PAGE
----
How funny is that! But there it is…
Discovery and learning for its own sake, for the sheer joy of it, was so cool and enlivening to me.
I loved sports and spending my days outdoors in the woods and on the lake where I grew up. So it wasn’t like I was this total book worm. But there was an absolute appreciation of the juicy, wonderous, fulfilling feeling of learning and discovery.
Then I got older, and school became more a chore and what I thought of as the practicalities of life landed with that burdensomeness that jades so many of us. Trying to get into physio school was all about grades. You were competing against others for the very few, precious spots in physio school and the highest grades got in. So with so little time to get all the school work done, I did what too many students do. I started studying for the grade.
It was rarely fun. It didn’t feel anything like what I’d imagined when I played make-believe when I was a little girl. I didn’t exactly hate it, but I certainly wasn’t feeling “juicy wondrousness”, and it was stressful, to say the least.
Academics and intellectual learning can be fun and rewarding. But I’d lost the balance between the different ways of learning. It’d become way too heavy on conceptualization, analytical thinking, abstraction, conscious, deliberate thinking. And way, way too light on discovery, questioning, curiosity, contemplation, wonder, and exploration.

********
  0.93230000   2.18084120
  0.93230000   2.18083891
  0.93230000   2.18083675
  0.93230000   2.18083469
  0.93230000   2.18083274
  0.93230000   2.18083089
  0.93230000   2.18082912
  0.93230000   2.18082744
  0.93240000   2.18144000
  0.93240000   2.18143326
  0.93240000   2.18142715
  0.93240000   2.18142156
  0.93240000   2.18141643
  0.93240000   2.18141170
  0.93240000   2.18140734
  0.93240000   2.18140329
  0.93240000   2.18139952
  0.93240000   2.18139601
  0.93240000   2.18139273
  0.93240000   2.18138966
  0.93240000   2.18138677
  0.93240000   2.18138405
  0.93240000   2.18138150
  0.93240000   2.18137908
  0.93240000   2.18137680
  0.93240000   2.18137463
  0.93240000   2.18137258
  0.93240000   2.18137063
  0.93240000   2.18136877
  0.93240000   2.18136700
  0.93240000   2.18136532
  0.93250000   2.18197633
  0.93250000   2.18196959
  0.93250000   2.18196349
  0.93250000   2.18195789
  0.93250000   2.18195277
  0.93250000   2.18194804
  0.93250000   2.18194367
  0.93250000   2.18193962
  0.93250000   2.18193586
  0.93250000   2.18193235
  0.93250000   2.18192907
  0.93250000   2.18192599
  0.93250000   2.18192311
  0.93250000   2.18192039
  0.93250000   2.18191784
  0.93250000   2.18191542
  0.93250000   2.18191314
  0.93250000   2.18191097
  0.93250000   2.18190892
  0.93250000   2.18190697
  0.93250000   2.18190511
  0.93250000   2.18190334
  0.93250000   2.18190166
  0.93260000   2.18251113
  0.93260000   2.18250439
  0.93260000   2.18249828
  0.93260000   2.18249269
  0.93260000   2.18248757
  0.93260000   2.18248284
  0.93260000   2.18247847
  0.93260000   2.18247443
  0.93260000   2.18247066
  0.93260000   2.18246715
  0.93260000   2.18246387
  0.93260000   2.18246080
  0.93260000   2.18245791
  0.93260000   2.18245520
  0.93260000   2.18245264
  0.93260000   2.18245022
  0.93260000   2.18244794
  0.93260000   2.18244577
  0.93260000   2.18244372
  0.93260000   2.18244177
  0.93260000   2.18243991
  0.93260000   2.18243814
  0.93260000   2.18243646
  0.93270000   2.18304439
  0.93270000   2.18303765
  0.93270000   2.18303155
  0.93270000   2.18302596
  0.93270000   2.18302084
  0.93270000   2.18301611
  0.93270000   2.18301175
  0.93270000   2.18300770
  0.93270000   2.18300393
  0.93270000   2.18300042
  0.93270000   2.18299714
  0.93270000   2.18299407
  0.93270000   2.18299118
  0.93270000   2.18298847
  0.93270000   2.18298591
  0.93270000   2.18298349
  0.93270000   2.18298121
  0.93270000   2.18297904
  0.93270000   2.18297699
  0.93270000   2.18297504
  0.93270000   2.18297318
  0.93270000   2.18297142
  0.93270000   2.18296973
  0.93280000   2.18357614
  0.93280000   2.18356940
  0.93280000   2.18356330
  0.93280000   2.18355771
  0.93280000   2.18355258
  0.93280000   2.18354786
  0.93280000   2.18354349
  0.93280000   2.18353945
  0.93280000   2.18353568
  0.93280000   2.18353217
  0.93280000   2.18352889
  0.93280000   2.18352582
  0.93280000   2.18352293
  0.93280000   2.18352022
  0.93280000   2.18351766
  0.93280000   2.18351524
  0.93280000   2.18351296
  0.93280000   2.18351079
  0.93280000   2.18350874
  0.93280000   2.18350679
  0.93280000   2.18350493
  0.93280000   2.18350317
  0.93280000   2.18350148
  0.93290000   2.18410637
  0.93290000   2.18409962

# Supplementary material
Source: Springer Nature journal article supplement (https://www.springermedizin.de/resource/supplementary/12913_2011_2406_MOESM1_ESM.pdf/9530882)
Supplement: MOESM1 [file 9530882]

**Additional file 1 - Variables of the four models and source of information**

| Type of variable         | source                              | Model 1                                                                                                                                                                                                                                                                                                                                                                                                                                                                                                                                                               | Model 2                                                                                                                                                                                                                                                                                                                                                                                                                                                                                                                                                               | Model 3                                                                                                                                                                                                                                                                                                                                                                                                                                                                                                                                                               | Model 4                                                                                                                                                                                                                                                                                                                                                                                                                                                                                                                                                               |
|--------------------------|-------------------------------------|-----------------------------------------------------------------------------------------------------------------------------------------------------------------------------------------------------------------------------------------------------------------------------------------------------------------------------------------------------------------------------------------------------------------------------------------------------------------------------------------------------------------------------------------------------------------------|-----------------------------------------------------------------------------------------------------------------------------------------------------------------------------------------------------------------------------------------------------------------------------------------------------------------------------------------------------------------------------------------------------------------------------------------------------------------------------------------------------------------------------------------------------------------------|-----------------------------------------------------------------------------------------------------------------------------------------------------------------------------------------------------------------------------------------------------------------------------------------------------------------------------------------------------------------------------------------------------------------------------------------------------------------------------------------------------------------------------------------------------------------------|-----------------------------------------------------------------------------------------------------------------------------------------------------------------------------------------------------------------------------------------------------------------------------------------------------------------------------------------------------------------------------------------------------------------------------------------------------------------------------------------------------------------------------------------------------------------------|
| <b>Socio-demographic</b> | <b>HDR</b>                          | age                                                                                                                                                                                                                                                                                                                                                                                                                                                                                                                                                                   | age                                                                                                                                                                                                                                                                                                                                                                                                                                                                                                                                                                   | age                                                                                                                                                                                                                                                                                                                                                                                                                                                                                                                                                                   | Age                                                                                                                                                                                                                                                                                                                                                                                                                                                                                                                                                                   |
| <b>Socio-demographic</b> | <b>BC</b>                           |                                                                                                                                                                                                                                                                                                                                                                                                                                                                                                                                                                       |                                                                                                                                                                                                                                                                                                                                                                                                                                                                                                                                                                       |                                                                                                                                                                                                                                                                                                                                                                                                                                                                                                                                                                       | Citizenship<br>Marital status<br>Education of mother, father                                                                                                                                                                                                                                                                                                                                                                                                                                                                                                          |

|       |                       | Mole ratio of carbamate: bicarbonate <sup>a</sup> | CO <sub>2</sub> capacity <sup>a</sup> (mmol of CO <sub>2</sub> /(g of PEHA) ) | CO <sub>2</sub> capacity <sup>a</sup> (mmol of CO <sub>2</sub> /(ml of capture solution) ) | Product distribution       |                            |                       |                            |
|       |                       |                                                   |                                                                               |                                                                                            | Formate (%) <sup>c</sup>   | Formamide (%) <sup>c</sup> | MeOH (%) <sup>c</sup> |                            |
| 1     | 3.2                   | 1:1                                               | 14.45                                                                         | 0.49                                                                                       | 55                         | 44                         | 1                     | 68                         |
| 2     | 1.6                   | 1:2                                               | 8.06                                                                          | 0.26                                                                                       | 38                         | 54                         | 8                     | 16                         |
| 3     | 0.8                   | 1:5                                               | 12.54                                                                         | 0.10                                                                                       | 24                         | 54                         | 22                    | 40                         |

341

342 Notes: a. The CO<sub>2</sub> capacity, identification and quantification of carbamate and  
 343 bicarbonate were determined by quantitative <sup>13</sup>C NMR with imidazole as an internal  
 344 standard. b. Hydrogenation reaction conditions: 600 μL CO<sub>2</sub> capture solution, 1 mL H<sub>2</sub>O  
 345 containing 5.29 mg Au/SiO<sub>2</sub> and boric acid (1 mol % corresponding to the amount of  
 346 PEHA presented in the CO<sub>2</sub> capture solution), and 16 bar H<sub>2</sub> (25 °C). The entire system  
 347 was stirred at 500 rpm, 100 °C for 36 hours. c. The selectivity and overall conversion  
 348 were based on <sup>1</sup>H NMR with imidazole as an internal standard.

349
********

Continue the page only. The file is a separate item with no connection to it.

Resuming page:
But here’s the thing ― discovery, questioning, curiosity, contemplation, wonder and exploration are natural to us! Watch any very young child and it becomes outrageously obvious…
We are born for learning.
And this type of learning, especially in today’s world, needs to be protected, nurtured and developed more than ever.
Just because this kind of learning is something we’re born with, doesn’t mean we’re still naturally good at it anymore, or that it can’t be “schooled out of us”. So it can take some work to recapture it. It takes some unlearning of some harmful habits, for most of us. And to be brutally honest, it takes a willingness to be pretty damned uncomfortable at times. But I for one believe it is oh-so worth it! Why? Because I’ve experienced it first hand for myself and along with many of my clients.
Next post we’ll dive into what it takes to develop this learning power.
In the meantime, I’d like to invite you to take a look at your ideas about learning, as well as the nature of your relationship with learning.
Have these been consistent throughout your life? Or have your thoughts about learning or your relationship to learning changed over time?
Maybe your relationship to learning is very different from one context to another. What makes the difference?